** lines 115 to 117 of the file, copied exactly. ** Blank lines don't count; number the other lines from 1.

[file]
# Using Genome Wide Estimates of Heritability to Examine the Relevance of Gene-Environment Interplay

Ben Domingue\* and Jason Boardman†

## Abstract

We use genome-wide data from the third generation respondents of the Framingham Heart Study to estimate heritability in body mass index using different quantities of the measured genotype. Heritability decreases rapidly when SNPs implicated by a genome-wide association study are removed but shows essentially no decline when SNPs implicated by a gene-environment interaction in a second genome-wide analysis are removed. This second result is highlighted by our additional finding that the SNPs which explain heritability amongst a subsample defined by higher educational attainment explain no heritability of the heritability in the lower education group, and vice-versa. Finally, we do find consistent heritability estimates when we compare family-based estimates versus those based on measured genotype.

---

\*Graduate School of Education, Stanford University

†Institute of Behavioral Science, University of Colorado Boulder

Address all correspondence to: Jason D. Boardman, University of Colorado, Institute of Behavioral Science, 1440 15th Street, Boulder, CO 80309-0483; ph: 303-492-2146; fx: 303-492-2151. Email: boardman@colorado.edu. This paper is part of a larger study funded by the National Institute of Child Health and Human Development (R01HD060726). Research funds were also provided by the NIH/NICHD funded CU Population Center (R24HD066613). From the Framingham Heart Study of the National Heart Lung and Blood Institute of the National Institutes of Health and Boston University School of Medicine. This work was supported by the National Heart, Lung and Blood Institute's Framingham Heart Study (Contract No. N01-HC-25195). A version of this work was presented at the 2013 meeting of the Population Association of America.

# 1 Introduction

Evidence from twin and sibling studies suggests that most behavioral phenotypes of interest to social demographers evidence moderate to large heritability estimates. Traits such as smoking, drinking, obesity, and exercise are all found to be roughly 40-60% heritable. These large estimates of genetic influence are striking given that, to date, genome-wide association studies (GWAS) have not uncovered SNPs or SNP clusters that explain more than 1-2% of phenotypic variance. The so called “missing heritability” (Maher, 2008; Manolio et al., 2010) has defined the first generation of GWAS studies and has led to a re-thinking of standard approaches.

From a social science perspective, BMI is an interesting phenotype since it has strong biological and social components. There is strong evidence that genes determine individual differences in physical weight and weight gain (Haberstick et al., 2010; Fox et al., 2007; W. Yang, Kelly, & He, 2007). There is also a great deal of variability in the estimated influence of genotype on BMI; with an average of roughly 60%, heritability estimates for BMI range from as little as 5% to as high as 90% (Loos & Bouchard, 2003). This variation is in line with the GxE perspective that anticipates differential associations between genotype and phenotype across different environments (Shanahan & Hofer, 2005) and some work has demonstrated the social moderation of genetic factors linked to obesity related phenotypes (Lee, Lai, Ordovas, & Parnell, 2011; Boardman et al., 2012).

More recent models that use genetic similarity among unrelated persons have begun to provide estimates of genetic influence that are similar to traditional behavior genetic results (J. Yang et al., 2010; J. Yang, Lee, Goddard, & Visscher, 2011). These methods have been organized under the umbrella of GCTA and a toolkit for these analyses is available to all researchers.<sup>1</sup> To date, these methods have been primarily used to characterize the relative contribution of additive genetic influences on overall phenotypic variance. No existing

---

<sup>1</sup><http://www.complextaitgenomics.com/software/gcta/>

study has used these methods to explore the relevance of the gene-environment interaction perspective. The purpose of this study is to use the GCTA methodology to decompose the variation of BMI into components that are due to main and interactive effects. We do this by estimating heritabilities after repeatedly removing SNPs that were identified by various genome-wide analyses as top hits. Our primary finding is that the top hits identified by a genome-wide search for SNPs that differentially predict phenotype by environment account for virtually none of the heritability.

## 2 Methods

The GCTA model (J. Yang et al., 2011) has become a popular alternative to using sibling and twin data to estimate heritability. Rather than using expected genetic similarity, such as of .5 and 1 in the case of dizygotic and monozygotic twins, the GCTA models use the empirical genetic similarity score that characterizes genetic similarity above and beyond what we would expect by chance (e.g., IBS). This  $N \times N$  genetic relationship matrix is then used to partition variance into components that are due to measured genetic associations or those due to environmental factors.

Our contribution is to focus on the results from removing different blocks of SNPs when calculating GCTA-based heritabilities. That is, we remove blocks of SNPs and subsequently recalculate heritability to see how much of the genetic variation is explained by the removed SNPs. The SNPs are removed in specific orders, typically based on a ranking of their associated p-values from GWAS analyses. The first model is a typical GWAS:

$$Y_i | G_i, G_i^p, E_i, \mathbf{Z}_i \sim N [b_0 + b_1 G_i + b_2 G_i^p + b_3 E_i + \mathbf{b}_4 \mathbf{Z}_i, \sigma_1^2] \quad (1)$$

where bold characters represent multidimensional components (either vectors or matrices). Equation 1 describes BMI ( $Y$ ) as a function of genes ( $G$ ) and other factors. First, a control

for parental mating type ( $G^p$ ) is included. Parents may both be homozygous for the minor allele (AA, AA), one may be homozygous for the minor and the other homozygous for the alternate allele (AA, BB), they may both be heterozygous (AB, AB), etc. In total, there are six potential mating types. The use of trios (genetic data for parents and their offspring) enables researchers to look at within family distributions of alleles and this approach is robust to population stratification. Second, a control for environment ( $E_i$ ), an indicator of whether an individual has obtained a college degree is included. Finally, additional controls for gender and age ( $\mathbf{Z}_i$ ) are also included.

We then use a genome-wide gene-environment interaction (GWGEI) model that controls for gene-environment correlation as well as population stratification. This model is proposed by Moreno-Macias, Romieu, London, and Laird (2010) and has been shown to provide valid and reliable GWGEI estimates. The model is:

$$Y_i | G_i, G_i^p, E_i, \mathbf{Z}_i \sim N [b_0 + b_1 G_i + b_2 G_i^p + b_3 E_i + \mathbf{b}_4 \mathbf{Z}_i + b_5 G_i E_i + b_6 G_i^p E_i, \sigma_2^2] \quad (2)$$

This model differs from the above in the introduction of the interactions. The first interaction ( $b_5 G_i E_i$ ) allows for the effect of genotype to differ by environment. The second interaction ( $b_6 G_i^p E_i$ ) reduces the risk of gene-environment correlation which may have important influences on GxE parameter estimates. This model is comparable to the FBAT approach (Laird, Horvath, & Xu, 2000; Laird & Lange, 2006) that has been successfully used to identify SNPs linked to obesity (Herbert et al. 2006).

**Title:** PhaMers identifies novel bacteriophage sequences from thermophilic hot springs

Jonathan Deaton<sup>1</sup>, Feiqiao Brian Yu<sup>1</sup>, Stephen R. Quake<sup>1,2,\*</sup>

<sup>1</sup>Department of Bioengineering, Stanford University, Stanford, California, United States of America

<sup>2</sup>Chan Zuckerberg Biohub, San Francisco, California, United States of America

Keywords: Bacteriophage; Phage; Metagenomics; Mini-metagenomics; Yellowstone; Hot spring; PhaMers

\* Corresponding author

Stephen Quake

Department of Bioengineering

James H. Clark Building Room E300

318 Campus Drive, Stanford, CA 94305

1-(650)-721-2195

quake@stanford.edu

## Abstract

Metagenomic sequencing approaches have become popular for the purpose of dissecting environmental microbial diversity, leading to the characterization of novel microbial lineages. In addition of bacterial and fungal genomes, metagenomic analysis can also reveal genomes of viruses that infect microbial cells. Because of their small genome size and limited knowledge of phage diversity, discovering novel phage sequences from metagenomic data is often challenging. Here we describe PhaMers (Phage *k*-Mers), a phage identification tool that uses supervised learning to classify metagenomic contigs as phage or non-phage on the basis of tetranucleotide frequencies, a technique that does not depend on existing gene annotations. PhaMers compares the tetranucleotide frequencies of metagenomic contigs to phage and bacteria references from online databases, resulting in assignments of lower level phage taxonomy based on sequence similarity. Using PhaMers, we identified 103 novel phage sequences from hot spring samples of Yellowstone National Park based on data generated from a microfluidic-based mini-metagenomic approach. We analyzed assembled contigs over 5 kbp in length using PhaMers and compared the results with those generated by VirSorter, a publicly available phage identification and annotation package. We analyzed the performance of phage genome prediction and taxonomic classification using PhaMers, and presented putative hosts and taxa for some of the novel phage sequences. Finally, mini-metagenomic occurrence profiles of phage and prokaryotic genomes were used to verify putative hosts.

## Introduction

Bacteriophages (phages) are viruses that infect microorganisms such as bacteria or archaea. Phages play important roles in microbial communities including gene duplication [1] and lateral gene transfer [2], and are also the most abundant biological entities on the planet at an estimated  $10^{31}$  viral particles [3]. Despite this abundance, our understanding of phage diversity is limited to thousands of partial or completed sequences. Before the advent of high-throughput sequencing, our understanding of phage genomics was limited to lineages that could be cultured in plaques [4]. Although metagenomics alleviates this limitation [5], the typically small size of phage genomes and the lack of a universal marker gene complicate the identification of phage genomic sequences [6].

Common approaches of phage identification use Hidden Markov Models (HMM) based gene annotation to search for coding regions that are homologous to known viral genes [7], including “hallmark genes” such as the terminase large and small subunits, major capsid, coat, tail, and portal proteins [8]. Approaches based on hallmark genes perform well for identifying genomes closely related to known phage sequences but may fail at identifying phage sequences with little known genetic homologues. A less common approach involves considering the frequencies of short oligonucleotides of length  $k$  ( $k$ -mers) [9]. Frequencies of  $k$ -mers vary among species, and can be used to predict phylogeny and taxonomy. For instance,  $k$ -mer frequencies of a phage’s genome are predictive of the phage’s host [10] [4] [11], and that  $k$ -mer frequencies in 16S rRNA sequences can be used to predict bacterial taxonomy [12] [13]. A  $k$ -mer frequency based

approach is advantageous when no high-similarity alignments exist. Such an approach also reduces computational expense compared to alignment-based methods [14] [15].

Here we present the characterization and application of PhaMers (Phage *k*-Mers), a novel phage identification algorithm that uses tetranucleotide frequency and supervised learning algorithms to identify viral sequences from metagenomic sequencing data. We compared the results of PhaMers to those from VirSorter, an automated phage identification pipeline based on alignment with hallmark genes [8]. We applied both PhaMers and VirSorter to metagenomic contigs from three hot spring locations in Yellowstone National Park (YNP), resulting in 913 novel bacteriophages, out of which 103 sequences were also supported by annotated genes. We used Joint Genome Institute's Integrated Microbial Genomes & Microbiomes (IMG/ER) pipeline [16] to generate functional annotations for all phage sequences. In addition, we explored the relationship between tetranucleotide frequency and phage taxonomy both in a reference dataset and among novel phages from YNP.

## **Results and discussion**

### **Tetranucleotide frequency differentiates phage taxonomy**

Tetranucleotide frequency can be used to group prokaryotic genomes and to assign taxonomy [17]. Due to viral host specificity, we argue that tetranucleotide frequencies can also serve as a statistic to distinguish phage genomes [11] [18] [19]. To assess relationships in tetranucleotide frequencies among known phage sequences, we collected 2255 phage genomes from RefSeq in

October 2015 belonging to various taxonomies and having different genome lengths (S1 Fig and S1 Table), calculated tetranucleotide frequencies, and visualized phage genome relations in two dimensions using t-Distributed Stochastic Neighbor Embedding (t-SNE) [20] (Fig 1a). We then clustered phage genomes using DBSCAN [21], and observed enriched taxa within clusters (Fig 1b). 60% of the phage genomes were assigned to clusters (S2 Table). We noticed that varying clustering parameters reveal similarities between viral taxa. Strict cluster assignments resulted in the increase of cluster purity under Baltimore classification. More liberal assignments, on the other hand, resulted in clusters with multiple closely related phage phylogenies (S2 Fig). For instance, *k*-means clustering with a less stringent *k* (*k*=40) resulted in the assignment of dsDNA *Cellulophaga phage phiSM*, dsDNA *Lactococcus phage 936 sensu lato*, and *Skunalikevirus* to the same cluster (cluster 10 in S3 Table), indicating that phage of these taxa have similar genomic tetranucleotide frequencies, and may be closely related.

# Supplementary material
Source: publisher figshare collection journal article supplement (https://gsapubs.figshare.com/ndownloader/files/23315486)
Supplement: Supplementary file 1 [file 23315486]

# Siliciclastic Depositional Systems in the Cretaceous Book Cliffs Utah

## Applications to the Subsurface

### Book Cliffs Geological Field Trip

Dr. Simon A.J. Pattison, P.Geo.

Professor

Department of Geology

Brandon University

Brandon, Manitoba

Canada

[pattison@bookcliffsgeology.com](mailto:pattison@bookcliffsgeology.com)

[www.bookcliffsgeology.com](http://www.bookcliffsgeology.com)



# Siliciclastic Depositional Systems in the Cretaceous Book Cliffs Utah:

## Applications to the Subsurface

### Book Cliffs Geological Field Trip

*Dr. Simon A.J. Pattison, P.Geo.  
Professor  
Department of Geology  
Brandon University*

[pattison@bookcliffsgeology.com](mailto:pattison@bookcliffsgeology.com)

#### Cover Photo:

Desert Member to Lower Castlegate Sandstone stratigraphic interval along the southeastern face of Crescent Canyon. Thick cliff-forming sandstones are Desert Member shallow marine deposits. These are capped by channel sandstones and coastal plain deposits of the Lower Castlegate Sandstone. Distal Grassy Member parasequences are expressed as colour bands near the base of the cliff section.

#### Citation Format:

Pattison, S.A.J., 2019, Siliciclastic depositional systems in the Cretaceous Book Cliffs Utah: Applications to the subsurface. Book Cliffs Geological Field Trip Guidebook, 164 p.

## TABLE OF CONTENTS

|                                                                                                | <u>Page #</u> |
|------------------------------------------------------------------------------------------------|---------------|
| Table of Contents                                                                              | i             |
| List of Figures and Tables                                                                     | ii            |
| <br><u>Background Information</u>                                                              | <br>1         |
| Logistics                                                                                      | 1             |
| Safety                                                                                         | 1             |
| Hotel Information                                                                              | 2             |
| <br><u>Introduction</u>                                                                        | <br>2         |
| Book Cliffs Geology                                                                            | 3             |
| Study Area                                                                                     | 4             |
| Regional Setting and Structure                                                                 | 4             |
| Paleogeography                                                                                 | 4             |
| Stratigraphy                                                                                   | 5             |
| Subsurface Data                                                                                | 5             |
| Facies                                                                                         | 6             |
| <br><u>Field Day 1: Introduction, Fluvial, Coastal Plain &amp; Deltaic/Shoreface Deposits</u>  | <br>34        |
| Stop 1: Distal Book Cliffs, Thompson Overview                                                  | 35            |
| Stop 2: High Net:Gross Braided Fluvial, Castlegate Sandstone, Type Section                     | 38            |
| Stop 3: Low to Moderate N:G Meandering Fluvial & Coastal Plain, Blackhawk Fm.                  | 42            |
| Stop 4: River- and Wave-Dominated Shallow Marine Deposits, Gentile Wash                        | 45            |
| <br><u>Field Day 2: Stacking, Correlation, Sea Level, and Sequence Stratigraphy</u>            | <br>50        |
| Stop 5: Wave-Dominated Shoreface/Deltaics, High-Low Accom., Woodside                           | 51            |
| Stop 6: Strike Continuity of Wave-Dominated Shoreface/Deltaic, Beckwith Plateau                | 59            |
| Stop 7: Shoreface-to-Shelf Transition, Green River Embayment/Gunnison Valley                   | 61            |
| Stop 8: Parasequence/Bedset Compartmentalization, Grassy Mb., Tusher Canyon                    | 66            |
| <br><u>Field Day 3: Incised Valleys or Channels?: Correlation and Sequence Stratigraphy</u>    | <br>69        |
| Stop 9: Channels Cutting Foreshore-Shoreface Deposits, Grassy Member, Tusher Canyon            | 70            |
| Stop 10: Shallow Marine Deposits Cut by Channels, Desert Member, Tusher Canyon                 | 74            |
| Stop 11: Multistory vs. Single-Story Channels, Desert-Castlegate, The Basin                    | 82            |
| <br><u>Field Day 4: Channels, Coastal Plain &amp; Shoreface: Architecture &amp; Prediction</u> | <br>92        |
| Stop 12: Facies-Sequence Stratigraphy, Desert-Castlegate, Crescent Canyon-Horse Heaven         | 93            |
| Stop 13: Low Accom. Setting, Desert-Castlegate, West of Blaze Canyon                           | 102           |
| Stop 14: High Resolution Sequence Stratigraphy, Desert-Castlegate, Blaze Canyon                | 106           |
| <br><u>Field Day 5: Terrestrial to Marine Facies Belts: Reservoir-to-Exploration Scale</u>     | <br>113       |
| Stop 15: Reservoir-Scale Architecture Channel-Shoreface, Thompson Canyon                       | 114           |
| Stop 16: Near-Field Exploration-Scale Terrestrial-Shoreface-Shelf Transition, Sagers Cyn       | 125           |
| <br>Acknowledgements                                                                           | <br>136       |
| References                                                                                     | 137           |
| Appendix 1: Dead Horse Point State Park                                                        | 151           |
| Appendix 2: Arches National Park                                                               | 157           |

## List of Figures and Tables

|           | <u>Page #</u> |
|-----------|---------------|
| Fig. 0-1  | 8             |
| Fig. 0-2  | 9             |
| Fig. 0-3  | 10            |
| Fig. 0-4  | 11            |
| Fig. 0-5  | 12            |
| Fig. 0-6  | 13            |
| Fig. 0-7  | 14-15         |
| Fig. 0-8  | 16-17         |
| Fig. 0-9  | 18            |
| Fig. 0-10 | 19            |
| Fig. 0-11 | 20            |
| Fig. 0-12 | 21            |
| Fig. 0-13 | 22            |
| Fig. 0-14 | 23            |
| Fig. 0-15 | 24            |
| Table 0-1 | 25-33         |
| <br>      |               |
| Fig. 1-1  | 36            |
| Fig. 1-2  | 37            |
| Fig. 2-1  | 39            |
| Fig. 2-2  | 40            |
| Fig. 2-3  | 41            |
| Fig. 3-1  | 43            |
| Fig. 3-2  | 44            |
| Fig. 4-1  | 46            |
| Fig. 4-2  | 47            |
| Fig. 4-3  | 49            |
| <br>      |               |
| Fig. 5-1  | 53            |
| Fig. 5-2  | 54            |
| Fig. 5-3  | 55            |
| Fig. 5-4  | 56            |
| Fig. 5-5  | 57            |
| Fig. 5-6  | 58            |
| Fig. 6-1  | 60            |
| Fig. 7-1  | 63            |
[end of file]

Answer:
| Appendix 2: Arches National Park                                                               | 157           |

## List of Figures and Tables

|           | <u>Page #</u> |